“Inada is anti-feminist,” said Mari Miura, a professor of political science at Sophia University, pointing to the defense minister’s membership in an ultraconservative activist group that believes women belong in the home. She added that Ms. Inada had resisted calls to push legislation that would allow married women to use different surnames from those of their husbands, a cause important to Japanese feminists.

Ms. Miura said Mr. Abe had chosen Ms. Inada because she shared his revisionist view that Japan had been unfairly accused of atrocities in World War II. “The women chosen by him are just symbolic or a cosmetic way of conveying women’s advancement,” Ms. Miura said. “And that doesn’t really empower women at all.”

Ms. Inada was one of three women to assume political leadership positions in Japan last summer, but from the moment she was appointed, critics have questioned her qualifications.

Even in her own Liberal Democratic Party, some lawmakers have asked why a lawyer who had never been a vice minister in either the Defense or Foreign Affairs Ministries would be selected for such a significant post, particularly as tensions in the region escalate, with North Korea developing nuclear missiles and China pushing territorial claims.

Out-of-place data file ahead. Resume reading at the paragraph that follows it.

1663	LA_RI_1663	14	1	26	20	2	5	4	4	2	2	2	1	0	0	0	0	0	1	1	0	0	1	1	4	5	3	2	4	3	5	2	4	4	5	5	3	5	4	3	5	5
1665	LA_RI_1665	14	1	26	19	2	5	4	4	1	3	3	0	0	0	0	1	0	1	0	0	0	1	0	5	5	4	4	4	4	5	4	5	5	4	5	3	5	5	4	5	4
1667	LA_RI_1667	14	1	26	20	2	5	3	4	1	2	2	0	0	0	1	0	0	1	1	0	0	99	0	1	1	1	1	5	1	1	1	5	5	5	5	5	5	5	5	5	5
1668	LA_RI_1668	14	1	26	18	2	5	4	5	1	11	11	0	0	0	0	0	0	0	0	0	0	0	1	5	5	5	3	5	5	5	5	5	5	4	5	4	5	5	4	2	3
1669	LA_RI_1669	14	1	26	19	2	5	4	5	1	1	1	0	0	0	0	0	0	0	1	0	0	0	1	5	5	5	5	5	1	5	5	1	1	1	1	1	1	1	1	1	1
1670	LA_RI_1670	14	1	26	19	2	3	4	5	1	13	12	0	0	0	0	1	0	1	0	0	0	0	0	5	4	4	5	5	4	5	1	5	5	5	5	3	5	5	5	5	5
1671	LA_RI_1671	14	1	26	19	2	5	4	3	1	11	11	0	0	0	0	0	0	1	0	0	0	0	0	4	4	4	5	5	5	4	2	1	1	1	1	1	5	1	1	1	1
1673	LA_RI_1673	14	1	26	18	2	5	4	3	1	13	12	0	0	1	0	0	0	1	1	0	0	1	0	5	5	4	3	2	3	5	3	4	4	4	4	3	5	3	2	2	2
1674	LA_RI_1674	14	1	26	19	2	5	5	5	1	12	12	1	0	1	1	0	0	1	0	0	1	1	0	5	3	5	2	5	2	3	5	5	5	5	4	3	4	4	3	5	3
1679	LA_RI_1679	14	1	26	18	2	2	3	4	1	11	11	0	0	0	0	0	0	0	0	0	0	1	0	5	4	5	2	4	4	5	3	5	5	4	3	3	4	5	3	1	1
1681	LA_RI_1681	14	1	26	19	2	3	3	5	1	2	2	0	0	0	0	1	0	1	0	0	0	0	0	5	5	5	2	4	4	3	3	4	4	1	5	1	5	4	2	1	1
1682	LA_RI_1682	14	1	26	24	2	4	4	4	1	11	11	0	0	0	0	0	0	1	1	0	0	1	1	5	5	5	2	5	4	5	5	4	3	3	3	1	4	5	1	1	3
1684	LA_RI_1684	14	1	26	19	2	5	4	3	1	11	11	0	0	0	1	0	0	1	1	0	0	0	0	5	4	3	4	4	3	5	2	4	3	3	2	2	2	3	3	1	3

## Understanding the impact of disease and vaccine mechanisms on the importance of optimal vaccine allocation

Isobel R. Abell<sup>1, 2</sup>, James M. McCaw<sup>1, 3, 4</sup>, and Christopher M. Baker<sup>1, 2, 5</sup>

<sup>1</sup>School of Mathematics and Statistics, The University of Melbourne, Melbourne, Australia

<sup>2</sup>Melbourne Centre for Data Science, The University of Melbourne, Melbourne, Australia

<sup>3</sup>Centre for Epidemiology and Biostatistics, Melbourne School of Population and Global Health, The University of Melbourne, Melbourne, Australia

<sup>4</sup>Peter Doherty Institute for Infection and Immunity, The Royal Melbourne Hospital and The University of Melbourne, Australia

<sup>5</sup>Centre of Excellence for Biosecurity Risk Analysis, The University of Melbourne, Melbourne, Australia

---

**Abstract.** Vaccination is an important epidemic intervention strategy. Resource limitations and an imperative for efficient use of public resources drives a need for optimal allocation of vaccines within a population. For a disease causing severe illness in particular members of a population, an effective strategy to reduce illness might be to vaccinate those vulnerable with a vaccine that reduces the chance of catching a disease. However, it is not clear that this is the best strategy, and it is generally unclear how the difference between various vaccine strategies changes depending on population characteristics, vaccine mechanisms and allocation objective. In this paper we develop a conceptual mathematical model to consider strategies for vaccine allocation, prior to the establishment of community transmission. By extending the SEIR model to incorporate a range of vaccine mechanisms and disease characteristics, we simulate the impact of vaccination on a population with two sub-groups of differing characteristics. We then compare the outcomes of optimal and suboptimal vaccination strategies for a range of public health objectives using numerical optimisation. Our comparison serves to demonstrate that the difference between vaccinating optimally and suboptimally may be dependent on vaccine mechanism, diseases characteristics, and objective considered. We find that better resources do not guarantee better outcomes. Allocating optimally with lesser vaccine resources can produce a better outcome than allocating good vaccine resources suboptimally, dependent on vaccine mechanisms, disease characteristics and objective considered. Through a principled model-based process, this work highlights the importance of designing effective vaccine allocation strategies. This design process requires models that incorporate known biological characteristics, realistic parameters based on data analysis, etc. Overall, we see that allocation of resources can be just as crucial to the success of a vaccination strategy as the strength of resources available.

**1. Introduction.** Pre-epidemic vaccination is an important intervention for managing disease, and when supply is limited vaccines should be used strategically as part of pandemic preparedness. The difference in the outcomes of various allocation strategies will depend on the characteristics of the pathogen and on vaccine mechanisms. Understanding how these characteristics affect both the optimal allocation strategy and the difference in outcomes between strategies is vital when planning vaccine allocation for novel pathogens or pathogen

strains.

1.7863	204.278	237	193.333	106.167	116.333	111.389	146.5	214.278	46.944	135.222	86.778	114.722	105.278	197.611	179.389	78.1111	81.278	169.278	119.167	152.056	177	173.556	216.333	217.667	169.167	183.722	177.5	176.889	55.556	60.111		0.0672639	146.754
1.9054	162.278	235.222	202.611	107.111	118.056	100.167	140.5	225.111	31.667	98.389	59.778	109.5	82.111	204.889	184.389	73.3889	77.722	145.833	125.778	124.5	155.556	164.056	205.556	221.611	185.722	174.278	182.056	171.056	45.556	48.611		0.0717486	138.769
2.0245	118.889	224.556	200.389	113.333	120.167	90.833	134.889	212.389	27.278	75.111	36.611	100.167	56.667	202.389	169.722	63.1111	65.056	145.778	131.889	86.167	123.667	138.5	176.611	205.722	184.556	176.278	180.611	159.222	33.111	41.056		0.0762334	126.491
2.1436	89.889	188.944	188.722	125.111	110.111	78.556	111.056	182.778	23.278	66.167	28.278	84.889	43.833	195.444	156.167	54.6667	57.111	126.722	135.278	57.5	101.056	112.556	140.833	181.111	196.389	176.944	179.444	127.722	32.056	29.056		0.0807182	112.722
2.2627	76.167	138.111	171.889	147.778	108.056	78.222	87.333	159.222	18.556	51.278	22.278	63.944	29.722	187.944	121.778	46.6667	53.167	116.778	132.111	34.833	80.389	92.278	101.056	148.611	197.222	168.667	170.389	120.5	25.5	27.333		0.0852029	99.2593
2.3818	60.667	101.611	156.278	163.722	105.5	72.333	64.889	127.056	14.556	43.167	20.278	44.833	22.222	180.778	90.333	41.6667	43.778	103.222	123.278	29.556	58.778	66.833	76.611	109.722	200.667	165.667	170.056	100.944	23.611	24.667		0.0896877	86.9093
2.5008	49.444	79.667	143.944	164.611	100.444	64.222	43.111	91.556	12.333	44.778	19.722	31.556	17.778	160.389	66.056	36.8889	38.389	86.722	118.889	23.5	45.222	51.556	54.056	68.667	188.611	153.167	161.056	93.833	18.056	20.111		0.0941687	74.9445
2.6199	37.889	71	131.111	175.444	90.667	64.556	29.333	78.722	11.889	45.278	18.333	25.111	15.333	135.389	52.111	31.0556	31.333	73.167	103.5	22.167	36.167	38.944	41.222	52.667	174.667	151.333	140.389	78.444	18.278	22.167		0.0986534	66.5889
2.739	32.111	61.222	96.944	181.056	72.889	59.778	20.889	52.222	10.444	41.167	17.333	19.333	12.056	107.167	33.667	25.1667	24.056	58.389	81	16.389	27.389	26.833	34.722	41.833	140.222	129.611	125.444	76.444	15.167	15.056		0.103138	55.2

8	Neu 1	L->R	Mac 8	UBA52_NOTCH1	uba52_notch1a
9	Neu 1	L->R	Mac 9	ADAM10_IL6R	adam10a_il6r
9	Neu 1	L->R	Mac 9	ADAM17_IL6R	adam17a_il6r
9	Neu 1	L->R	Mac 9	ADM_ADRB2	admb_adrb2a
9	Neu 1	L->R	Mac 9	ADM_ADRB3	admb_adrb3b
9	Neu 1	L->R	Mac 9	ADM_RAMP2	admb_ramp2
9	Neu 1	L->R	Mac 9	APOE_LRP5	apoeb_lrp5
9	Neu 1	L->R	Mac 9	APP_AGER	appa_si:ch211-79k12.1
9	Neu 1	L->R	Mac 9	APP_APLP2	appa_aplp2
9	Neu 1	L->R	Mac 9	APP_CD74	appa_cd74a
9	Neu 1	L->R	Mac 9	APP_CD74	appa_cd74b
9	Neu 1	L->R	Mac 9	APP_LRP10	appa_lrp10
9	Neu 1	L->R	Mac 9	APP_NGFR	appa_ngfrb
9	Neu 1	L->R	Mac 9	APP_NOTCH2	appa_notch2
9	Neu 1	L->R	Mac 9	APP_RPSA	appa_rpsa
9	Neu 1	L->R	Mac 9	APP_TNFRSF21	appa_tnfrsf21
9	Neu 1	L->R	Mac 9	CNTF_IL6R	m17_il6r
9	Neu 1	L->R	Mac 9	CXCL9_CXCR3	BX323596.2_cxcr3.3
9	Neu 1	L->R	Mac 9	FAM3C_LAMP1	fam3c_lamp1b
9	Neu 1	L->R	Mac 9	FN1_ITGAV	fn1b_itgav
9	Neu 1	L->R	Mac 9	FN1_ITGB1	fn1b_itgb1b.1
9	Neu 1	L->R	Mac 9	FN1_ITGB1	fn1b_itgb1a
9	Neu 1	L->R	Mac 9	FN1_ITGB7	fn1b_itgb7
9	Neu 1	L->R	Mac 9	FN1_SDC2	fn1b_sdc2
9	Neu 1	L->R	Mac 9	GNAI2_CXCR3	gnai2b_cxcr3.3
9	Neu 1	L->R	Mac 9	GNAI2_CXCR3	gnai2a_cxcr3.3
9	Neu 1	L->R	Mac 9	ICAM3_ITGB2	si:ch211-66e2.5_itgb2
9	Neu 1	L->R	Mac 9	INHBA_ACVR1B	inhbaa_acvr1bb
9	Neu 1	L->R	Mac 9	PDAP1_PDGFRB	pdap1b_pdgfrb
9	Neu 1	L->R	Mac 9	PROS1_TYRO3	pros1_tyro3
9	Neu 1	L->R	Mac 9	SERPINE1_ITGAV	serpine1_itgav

At times, the commentary has strayed to her appearance. Observers on social media complained about the casual outfit and oversize sunglasses she wore on a plane to Djibouti in eastern Africa over the summer, when she met with Japanese troops on a counterpiracy mission. On another occasion, after she visited a Japanese naval ship, a popular tabloid magazine disapproved of the high heels she wore.

Japanese peacekeepers in South Sudan in October. Questions about Ms. Inada’s competence have intensified after disclosures that Japan’s army had withheld reports on the activities of its peacekeeping units in the country. CreditCharles Atiki Lomodong/Agence France-Presse — Getty Images
Her biggest opponents argue that while such appraisals are unfortunate, Ms. Inada has shown her lack of qualifications in multiple ways.

“It’s very disappointing that all the attention goes to female politicians’ fashion,” said Kiyomi Tsujimoto, a member of the House of Representatives from the opposition Democratic Party who has been one of Ms. Inada’s harshest critics in Parliament. The real problem, Ms. Tsujimoto said, is that Ms. Inada does not have “confidence and experience and knowledge of the army.”